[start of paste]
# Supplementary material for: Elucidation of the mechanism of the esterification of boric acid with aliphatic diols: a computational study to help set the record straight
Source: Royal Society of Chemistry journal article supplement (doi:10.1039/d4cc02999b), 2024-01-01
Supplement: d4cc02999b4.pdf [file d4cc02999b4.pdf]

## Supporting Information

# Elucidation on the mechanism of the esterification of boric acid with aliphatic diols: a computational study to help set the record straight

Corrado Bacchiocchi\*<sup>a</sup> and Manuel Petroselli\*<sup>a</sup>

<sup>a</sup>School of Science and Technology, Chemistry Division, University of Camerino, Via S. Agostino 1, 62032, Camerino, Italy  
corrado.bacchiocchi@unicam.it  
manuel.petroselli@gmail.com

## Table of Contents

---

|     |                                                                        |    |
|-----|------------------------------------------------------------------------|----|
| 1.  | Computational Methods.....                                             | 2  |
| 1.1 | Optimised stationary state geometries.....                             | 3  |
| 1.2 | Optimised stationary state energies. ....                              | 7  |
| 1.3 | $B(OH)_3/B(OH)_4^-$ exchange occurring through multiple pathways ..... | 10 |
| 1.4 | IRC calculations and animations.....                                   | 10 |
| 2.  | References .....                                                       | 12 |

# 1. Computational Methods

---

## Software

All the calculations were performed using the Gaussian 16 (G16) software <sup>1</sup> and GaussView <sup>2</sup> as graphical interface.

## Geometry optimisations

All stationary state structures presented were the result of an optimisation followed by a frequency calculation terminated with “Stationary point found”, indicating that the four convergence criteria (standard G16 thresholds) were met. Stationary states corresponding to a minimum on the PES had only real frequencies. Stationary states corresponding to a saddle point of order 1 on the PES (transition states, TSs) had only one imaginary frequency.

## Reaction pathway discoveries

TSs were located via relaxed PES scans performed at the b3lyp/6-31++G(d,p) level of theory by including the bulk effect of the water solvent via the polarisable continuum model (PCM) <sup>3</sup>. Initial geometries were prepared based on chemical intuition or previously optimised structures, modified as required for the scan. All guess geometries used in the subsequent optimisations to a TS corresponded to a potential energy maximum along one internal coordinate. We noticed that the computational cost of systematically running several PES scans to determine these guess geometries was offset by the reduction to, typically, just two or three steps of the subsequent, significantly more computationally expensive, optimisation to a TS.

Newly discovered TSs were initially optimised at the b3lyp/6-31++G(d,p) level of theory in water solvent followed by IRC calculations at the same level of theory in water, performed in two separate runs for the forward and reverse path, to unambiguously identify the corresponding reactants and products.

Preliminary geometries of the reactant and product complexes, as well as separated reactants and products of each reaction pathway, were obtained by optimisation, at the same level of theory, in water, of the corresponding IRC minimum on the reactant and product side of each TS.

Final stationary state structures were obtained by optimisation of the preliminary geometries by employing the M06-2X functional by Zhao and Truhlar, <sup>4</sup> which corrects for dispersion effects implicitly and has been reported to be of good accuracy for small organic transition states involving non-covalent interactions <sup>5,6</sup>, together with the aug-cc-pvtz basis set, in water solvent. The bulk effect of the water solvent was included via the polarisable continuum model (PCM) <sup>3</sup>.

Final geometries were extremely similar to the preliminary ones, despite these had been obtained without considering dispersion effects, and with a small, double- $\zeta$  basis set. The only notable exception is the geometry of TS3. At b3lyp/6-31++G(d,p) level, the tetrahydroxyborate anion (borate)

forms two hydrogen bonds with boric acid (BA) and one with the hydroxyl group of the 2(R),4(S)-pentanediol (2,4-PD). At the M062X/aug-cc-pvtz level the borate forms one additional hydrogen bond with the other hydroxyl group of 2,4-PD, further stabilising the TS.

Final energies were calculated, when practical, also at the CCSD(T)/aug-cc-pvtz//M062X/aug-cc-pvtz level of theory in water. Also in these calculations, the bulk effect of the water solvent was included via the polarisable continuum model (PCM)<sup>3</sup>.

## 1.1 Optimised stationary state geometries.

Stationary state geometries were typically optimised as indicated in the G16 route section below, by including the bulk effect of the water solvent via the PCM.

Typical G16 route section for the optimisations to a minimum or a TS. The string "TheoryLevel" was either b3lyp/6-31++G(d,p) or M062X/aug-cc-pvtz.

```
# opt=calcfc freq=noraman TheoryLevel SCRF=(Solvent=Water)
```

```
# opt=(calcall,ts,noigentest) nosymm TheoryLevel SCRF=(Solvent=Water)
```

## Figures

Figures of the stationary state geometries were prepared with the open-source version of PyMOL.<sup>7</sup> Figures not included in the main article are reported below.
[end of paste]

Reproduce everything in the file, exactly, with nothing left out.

# Supplementary material for: Elucidation of the mechanism of the esterification of boric acid with aliphatic diols: a computational study to help set the record straight
Source: Royal Society of Chemistry journal article supplement (doi:10.1039/d4cc02999b), 2024-01-01
Supplement: d4cc02999b4.pdf [file d4cc02999b4.pdf]

## Supporting Information

# Elucidation on the mechanism of the esterification of boric acid with aliphatic diols: a computational study to help set the record straight

Corrado Bacchiocchi\*<sup>a</sup> and Manuel Petroselli\*<sup>a</sup>

<sup>a</sup>School of Science and Technology, Chemistry Division, University of Camerino, Via S. Agostino 1, 62032, Camerino, Italy  
corrado.bacchiocchi@unicam.it  
manuel.petroselli@gmail.com

## Table of Contents

---

|     |                                                                        |    |
|-----|------------------------------------------------------------------------|----|
| 1.  | Computational Methods.....                                             | 2  |
| 1.1 | Optimised stationary state geometries.....                             | 3  |
| 1.2 | Optimised stationary state energies. ....                              | 7  |
| 1.3 | $B(OH)_3/B(OH)_4^-$ exchange occurring through multiple pathways ..... | 10 |
| 1.4 | IRC calculations and animations.....                                   | 10 |
| 2.  | References .....                                                       | 12 |

# 1. Computational Methods

---

## Software

All the calculations were performed using the Gaussian 16 (G16) software <sup>1</sup> and GaussView <sup>2</sup> as graphical interface.

## Geometry optimisations

All stationary state structures presented were the result of an optimisation followed by a frequency calculation terminated with “Stationary point found”, indicating that the four convergence criteria (standard G16 thresholds) were met. Stationary states corresponding to a minimum on the PES had only real frequencies. Stationary states corresponding to a saddle point of order 1 on the PES (transition states, TSs) had only one imaginary frequency.

## Reaction pathway discoveries

TSs were located via relaxed PES scans performed at the b3lyp/6-31++G(d,p) level of theory by including the bulk effect of the water solvent via the polarisable continuum model (PCM) <sup>3</sup>. Initial geometries were prepared based on chemical intuition or previously optimised structures, modified as required for the scan. All guess geometries used in the subsequent optimisations to a TS corresponded to a potential energy maximum along one internal coordinate. We noticed that the computational cost of systematically running several PES scans to determine these guess geometries was offset by the reduction to, typically, just two or three steps of the subsequent, significantly more computationally expensive, optimisation to a TS.

Newly discovered TSs were initially optimised at the b3lyp/6-31++G(d,p) level of theory in water solvent followed by IRC calculations at the same level of theory in water, performed in two separate runs for the forward and reverse path, to unambiguously identify the corresponding reactants and products.

Preliminary geometries of the reactant and product complexes, as well as separated reactants and products of each reaction pathway, were obtained by optimisation, at the same level of theory, in water, of the corresponding IRC minimum on the reactant and product side of each TS.

Final stationary state structures were obtained by optimisation of the preliminary geometries by employing the M06-2X functional by Zhao and Truhlar, <sup>4</sup> which corrects for dispersion effects implicitly and has been reported to be of good accuracy for small organic transition states involving non-covalent interactions <sup>5,6</sup>, together with the aug-cc-pvtz basis set, in water solvent. The bulk effect of the water solvent was included via the polarisable continuum model (PCM) <sup>3</sup>.

Final geometries were extremely similar to the preliminary ones, despite these had been obtained without considering dispersion effects, and with a small, double- $\zeta$  basis set. The only notable exception is the geometry of TS3. At b3lyp/6-31++G(d,p) level, the tetrahydroxyborate anion (borate)

forms two hydrogen bonds with boric acid (BA) and one with the hydroxyl group of the 2(R),4(S)-pentanediol (2,4-PD). At the M062X/aug-cc-pvtz level the borate forms one additional hydrogen bond with the other hydroxyl group of 2,4-PD, further stabilising the TS.

Final energies were calculated, when practical, also at the CCSD(T)/aug-cc-pvtz//M062X/aug-cc-pvtz level of theory in water. Also in these calculations, the bulk effect of the water solvent was included via the polarisable continuum model (PCM)<sup>3</sup>.

## 1.1 Optimised stationary state geometries.

Stationary state geometries were typically optimised as indicated in the G16 route section below, by including the bulk effect of the water solvent via the PCM.

Typical G16 route section for the optimisations to a minimum or a TS. The string "TheoryLevel" was either b3lyp/6-31++G(d,p) or M062X/aug-cc-pvtz.

```
# opt=calcfc freq=noraman TheoryLevel SCRF=(Solvent=Water)
```

```
# opt=(calcall,ts,noigentest) nosymm TheoryLevel SCRF=(Solvent=Water)
```

## Figures

Figures of the stationary state geometries were prepared with the open-source version of PyMOL.<sup>7</sup> Figures not included in the main article are reported below.